Welcome!

We are Nico and Marlies Wobben and in February 2008 we moved from the Netherlands to Regina, Saskatchewan, Canada! Nico is an RN at the General Hospital and I (Marlies) work from home, as an administrator at Canada Life and for my own web design business Feel The Fire. And we have 7 cats!
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Motorhoming 2017! Highlights

Thank you camping season 2017!! Not the longest, but the best in weather for us personally (not for nature) and as the weather is changing this weekend (good for nature), we’ve cancelled our last camping plans and are wrapping it up with the best and warmest camping memories still in mind and heart! We already posted about the last three trips, here are some highlights of the trips before that, to Buffalo Pound, Douglas and Duck Mountain.

Buffalo Pound, September 1-3

We had a fun weekend with the Bos and Korevaar families! We met Arie and Leanna Korevaar (and their kids Sam and Sarah) in the beginning of this camping season. Arie has Dutch parents (and a Dutch name), so we ended up talking and having beers by the campfire. We kept in touch and this weekend we arranged to camp together at Buffalo Pound (Maple Vale) again. Marga and Henk (Bos) joined us with their tent until late Saturday night. We just spent a lot of time together chatting, in the evenings by the propane fire pit that Arie and Leanna brought (there is a fire ban) and we made Dutch apple and bacon pancakes on Saturday morning. We also got a visit this morning from Dana and Kris (and doggie Ellie) who came to camp with Dana’s dad and their extended family!

Cypress Hills, August 21-29

The Centre Block of Cypress Hills isn’t new to us, we’ve camped there several times and also stayed at The Resort a few times. I LOVE pine trees and these lodgepole pines are something else. It is also the highest point between the Rockies and the Labrador peninsula. Like Grasslands, the park is a dark sky preserve and has an observatory that we visited for the first time. The biggest difference with this trip was that Gord and Lorraine were there too, so we spent a lot of time together and went to a few places by car, that we normally couldn’t get to.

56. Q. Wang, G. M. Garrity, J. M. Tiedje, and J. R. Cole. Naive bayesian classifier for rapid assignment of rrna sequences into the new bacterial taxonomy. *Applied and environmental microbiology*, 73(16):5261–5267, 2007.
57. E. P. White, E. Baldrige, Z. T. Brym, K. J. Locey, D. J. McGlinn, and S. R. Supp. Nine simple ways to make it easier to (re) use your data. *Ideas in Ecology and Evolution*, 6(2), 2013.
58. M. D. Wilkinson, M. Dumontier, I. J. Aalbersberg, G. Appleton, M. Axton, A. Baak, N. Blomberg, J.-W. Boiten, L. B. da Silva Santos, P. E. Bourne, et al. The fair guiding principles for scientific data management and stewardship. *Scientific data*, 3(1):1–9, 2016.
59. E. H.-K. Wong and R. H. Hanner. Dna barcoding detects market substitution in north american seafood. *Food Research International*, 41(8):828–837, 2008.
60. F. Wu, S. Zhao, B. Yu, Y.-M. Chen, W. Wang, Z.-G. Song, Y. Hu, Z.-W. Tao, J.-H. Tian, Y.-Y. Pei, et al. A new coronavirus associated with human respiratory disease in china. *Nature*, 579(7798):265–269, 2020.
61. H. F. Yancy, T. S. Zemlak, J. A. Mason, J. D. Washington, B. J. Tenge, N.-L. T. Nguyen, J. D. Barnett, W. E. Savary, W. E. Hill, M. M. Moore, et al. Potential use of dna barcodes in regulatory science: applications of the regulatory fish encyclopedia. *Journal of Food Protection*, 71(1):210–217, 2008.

We had a very pretty drive to the park, coming from Grasslands this time. A lot of prairie and we crossed the rugged Frenchman Valley five (!) times. One time even during the much hyped (80%) solar eclipse, but all we noticed was that a light cloud cover felt like a heavy one. We had plans to stop in Eastend and maybe visit Scotty the T-Rex, but we already stopped and had lunch in Shaunavon instead. It must’ve been around 3.30pm that we arrived at Cypress Hills. After check-in we went to site 67 on Terrace. The slight slope mentioned in the description turned out to be a slope so bad that we couldn’t even begin to correct it a bit with the blocks we have. You can’t jack it up like a trailer. We didn’t want to sleep with our heads that far down, so we went back to the office to see if there were any alternatives. They wrote down some sites we could look at and around 5pm our six nights were rebooked to four nights Rainbow 29 and two nights Terrace 16. Better! The Rainbow site wasn’t big nor private, but it was enough and you could look right into the forest and the Woodlands Trail!

We saw at least four moose on that trail and two on the Whispering Pines Trail. And twice we missed moose walking by our site in the early morning. Nico also saw some cows there one day, they must’ve broken INto the park :O We loved being in the pine forest and talking to many people about our kitties. We also got together with Gord and Lorraine every day, for a meal or walk or drinks. On Tuesday, Gord and Lorraine took us to the Observatory open house and that was neat. We watched some videos, there was a talk about constellations that were pointed out in the sky with a laser and in the dome we could look at some nebulae and such through a telescope. They’d be very busy in the following days with a lot of stargazing geeks attending the annual Saskatchewan Summer Star Party! Thursday was the only cloudy day with a few drops of rain, we had fantastic summer weather otherwise!

We also kept our eyes on the registration page to see if we could get a better site for the last two nights. Things change all the time and we were able to change our reservation to Warlodge 72 and add a third night… right next to Gord and Lorraine! Now this was much easier for combining doing our own thing with popping by for a bit or getting together for the evening. The site was partially open, but still had pine trees and was HUGE. Certainly more privacy! We still saw moose (probably the same young bull) on the other side of the campground and near the Twisted Tree Trail. Amazing! Nico and Gord went fishing one night and Leilah and Matt came to stay with Gord and Lorraine for a night. Should’ve been two, but a lot of car troubles marked their trip 🙁 We planned to leave on Monday, but when I woke up at 9am, I checked if the site was available for another night and poked Nico. Of course it didn’t take any trouble to convince Nico! I checked with my manager, postponed my dentist appointment and Nico went to the office to add one last night (he was going to Maple Creek with Gord). We just couldn’t tear ourselves away from this awesome place and had one more hot and relaxing day! Before driving home together on Tuesday, the four of us concluded our camping trip with a great breakfast at the Resort!